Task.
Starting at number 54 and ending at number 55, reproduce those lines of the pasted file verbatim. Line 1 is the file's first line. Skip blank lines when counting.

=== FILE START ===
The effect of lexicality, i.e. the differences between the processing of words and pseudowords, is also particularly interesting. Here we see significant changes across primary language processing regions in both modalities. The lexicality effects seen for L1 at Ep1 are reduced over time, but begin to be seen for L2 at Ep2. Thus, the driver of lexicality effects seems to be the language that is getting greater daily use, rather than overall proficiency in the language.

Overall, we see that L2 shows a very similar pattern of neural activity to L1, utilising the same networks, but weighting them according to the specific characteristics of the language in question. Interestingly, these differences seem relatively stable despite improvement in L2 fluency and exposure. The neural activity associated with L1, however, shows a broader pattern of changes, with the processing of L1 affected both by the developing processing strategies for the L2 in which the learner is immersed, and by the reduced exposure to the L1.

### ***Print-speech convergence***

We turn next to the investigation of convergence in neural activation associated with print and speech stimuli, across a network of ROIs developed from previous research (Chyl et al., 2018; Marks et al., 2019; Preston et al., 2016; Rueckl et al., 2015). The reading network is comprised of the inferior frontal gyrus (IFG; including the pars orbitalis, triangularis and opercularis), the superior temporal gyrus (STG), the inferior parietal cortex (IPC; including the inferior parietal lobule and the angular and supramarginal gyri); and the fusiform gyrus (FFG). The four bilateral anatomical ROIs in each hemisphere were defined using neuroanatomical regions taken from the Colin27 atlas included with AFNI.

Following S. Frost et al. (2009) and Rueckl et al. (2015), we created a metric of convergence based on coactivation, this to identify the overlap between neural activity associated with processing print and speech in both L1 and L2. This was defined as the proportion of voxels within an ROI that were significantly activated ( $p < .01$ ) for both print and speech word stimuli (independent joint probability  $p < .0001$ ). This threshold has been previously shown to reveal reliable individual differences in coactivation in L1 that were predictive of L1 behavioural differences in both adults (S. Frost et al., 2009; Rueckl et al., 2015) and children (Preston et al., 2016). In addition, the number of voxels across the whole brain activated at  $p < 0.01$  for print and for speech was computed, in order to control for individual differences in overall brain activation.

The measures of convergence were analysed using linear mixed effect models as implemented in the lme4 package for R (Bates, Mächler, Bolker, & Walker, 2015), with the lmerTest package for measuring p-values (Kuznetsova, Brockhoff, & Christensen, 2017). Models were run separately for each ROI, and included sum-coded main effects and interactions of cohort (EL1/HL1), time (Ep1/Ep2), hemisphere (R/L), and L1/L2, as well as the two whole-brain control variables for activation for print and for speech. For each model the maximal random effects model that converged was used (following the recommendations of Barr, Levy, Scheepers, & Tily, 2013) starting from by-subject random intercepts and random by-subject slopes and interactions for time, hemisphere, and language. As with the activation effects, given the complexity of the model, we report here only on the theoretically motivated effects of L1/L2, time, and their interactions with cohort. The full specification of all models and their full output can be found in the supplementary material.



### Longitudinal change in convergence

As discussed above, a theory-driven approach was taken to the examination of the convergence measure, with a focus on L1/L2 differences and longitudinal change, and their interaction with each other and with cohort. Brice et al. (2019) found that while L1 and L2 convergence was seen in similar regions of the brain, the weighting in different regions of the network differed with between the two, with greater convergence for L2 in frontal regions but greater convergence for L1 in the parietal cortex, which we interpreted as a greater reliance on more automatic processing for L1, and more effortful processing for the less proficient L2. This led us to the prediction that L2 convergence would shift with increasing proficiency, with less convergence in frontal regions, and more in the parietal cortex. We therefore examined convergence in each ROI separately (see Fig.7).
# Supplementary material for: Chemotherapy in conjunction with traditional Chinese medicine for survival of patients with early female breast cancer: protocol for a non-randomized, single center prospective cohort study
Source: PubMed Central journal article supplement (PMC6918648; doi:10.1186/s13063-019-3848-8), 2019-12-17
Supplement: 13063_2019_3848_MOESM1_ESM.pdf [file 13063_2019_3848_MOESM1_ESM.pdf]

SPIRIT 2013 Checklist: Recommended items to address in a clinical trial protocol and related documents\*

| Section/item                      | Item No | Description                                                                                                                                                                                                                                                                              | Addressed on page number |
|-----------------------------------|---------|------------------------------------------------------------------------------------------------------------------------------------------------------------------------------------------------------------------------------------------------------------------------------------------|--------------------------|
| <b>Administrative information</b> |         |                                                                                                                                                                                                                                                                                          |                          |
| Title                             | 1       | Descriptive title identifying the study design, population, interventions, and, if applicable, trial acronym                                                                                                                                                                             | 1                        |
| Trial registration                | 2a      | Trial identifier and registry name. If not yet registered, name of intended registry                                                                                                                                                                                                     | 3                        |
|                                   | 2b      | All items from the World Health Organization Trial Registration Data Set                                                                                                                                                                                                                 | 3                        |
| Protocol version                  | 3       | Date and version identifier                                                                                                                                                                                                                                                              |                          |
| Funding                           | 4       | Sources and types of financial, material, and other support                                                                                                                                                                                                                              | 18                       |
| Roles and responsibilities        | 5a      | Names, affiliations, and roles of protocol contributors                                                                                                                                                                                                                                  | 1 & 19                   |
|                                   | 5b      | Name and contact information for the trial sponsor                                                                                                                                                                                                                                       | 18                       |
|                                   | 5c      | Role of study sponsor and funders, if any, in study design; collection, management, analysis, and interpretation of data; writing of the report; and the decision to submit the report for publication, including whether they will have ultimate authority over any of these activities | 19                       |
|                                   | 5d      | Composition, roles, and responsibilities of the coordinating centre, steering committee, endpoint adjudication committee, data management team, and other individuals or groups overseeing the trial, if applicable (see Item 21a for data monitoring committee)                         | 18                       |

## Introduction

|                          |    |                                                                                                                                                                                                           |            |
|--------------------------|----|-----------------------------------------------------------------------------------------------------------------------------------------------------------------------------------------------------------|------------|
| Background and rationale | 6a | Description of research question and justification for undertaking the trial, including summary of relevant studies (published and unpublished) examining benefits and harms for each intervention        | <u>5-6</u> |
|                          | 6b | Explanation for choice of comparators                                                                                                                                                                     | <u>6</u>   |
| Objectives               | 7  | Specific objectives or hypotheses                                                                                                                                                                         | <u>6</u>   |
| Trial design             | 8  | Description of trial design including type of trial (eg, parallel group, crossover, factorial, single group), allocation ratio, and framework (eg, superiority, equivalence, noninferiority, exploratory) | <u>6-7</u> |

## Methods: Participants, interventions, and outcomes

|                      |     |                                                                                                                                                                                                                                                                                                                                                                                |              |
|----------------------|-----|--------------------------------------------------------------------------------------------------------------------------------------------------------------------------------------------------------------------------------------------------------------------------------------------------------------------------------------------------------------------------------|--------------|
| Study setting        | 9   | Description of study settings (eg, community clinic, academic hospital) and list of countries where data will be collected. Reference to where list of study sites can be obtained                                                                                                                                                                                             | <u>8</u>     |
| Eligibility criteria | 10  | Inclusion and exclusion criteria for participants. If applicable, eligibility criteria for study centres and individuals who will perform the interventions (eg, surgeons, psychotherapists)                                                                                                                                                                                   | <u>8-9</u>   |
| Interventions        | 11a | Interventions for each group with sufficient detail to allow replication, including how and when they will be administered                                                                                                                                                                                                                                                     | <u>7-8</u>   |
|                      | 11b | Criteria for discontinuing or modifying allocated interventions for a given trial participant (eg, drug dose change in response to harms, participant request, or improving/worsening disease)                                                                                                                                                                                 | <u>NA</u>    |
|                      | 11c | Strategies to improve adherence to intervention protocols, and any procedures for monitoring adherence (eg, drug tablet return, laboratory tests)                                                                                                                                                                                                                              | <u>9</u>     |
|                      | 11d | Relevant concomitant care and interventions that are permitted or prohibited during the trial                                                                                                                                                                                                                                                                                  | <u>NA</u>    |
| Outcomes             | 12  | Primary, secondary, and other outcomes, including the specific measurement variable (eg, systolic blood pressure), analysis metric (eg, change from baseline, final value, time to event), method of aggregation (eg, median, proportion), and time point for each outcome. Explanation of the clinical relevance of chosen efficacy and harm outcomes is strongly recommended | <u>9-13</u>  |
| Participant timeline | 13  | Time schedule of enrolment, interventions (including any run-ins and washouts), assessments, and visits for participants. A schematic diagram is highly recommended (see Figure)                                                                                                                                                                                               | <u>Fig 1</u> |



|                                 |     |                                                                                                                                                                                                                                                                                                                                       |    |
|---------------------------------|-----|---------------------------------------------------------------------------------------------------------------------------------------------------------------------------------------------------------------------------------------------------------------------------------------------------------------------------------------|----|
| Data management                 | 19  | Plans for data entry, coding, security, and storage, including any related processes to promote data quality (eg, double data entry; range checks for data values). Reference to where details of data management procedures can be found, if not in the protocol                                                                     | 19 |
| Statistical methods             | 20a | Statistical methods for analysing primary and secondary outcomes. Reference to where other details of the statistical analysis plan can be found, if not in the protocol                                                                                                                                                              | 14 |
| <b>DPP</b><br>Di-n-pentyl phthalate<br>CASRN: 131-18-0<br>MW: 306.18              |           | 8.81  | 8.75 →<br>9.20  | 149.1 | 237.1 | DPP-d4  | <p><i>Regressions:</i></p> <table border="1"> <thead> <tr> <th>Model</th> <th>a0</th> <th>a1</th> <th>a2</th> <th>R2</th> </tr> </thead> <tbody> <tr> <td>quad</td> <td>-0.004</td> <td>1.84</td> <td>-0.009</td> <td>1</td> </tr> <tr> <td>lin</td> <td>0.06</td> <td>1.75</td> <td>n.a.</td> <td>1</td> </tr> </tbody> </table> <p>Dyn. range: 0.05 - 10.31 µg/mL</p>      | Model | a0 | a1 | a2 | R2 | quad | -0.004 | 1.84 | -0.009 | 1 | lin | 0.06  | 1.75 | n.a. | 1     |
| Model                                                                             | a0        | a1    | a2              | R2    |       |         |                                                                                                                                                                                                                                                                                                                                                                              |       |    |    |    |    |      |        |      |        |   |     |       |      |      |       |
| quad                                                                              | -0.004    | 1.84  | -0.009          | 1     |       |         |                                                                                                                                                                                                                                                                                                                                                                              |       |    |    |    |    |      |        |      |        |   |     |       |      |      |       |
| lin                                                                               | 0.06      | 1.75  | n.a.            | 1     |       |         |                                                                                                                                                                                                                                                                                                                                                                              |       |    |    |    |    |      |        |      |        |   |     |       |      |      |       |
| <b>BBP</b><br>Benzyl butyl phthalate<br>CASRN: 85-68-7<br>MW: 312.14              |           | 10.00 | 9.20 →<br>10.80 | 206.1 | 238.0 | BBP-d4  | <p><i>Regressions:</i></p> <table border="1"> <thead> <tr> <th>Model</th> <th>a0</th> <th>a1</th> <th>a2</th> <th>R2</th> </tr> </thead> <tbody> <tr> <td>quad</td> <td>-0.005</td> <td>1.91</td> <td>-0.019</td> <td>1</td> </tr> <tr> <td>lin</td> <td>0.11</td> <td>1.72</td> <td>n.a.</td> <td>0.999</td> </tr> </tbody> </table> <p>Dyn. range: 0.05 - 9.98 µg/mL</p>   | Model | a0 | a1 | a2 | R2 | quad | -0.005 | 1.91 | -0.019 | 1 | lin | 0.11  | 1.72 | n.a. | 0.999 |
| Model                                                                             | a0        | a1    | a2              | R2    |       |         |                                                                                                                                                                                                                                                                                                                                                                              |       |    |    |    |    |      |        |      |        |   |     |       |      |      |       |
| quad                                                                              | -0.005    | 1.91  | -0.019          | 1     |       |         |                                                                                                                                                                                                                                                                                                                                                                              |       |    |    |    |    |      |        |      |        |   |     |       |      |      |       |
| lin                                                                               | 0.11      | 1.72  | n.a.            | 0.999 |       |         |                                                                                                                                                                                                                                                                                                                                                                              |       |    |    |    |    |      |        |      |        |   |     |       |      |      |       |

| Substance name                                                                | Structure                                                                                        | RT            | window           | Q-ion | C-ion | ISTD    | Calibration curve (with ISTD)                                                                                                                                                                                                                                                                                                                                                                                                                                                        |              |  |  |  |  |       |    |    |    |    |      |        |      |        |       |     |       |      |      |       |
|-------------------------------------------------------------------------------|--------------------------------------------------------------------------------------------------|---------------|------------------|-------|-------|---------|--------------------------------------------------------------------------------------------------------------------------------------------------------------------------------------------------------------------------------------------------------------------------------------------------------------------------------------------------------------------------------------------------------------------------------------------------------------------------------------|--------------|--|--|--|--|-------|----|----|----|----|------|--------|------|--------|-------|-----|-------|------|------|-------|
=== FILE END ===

| lin                                                                               | 0.11      | 1.72  | n.a.            | 0.999 |       |         |                                                                                                                                                                                                                                                                                                                                                                              |       |    |    |    |    |      |        |      |        |   |     |       |      |      |       |

| Substance name                                                                | Structure                                                                                        | RT            | window           | Q-ion | C-ion | ISTD    | Calibration curve (with ISTD)                                                                                                                                                                                                                                                                                                                                                                                                                                                        |              |  |  |  |  |       |    |    |    |    |      |        |      |        |       |     |       |      |      |       |